Russia TV's Paris correspondent slams 'propaganda' after quitting

Russia TV's Paris correspondent slams 'propaganda' after quitting


Agency Report

A Russian journalist who for years was senior foreign correspondent for state-run television on Tuesday lashed out at the propaganda broadcast by pro-Kremlin media after dramatically quitting over the invasion of Ukraine.

Zhanna Agalakova, a familiar face in Russian households from two decades work as a correspondent from postings including New York and Paris, had earlier this month announced she was leaving Pervy Kanal (Channel One) due to the invasion.

Speaking in public for the first time since she quit, Agalakova told reporters at a news conference in Paris organised by press freedom group Reporters Without Borders (RSF) that she could no longer be involved in the "lies" and "manipulation" of Russian state TV.

"I want the people of Russia to hear me and learn what propaganda is and stop being zombified," she said.

With tears in her eyes, Agalakova said she had hesitated a lot before speaking out in public but then decided "there was no other choice".

Agalakoa, who most recently worked as Paris-based Europe correspondent for Pervy Kanal, admitted that she had "made many compromises in my career" but she described the invasion of Ukraine as a "red line".

There has been intense focus on Russian TV since an editor on the Pervy Kanal barged onto the set of its flagship Vremya (Time) evening news last week, holding a poster reading "No War."

Marina Ovsyannikova was detained and a Moscow court rapidly fined her 30,000 rubles (260 euros). But despite being freed she could face further prosecution, risking years in prison under draconian new laws.

Ovsyannikova said she was quitting her job but not accepting an offer from President Emmanuel Macron of asylum in France, saying she wanted to stay in Russia.

- 'Huge lie' -

Agalakova announced she was leaving her channel in an Instagram video posted last week, symbolically cutting a Pervy Kanal band around her wrist and saying she had already written her resignation letter on March 3.

She described a media system that "just gives the point of view of the Kremlin".

Agalakova pointed to how state television covers President Vladimir Putin with exhaustive coverage of his macho holiday activities but with no scrutiny of his private life which is an absolute taboo.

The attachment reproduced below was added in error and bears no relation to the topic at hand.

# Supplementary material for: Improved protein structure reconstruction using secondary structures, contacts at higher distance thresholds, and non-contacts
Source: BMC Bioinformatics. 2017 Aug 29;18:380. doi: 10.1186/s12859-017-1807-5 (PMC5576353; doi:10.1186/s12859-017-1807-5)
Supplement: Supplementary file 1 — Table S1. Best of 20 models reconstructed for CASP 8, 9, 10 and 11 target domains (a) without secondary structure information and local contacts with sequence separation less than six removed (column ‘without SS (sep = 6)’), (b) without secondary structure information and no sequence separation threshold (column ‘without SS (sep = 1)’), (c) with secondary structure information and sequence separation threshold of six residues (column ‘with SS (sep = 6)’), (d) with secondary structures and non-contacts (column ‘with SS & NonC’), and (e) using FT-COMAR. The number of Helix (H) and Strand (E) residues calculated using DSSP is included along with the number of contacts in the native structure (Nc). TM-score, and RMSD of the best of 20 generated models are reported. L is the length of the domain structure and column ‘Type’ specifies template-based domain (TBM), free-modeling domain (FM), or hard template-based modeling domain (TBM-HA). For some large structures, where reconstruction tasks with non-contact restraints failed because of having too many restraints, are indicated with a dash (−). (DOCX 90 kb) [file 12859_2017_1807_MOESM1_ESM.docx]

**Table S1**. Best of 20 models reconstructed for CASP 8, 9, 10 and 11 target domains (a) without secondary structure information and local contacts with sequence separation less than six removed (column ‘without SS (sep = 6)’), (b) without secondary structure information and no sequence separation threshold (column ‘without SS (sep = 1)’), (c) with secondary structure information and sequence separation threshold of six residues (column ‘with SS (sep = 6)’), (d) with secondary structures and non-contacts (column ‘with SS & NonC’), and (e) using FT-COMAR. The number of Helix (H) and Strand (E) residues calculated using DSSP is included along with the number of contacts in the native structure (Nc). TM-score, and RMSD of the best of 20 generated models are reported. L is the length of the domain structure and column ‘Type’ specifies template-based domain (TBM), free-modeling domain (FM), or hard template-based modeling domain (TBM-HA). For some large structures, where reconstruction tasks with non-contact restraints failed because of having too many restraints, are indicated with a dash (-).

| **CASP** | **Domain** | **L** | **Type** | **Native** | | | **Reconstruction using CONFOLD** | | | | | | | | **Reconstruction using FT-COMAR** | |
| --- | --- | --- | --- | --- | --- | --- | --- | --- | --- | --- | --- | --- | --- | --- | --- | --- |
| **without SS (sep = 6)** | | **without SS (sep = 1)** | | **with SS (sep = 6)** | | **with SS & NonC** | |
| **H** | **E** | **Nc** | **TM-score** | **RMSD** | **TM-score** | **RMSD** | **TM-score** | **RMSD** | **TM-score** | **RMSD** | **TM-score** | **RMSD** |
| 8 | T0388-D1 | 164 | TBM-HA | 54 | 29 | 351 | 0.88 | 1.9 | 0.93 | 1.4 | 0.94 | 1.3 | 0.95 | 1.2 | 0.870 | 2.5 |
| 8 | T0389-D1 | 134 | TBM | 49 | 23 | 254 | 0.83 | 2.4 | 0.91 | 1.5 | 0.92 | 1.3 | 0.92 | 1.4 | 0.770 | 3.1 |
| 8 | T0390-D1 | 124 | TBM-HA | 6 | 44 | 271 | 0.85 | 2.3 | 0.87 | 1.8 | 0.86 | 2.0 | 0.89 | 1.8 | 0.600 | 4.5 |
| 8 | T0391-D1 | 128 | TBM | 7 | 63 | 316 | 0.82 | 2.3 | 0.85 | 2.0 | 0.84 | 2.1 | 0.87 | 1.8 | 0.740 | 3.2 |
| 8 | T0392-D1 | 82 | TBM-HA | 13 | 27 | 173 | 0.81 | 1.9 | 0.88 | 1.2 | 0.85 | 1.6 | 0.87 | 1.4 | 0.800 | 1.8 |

"Our news does not show the country, we do not see Russia," she said.

"We only see the first man of the country, what he ate, who he shook hands with, we even saw him shirtless. But we don't know if he's married, if he has children," she said.

She lambasted the state media for its repeated description of Russia's opponents in Ukraine as "Nazis", a term that touches a particular nerve in a country still scarred by the sacrifices of World War II.

"When, in Russia, we hear the word 'Nazi', we only have one reaction -- destroy. It's a manipulation, a huge lie."

Justifying her long career as correspondent in New York and Paris, she said: "I thought that by reporting on life in Europe -- and in particular in Paris -- I could avoid being propagandistic."

"I didn't lie, every fact was real. But take real facts, mix them up and you'll end up with a big lie," she said.

- 'Hostages of situation' -

Press freedom activists outside Russia accuse its state television of painting a severely distorted picture of the war in a bid to maintain support for what the Kremlin calls a "special military operation."

Russian lawmakers on Tuesday approved legislation imposing jail terms of up to three years for the publication of false information about Russia's actions abroad.

Agalakova is not the only prominent Russian TV journalist to have quit over the invasion of Ukraine, but so far there has been no mass exodus.

NTV channel news anchor Lilya Gildeeva, who has worked for the channel now owned by energy giant Gazprom, since 2006, said she had left Russia and resigned from her job.

The longstanding Brussels correspondent of NTV, Vadim Glukser, has also said he had handed in his notice.

"Many journalists, producers or people who work in the media think like me," Agalakova said.

"It's easy to accuse them, to ask why they don't resign, don't protest. But those who stay have families, elderly parents, children, houses to pay for. They are hostages of the situation."


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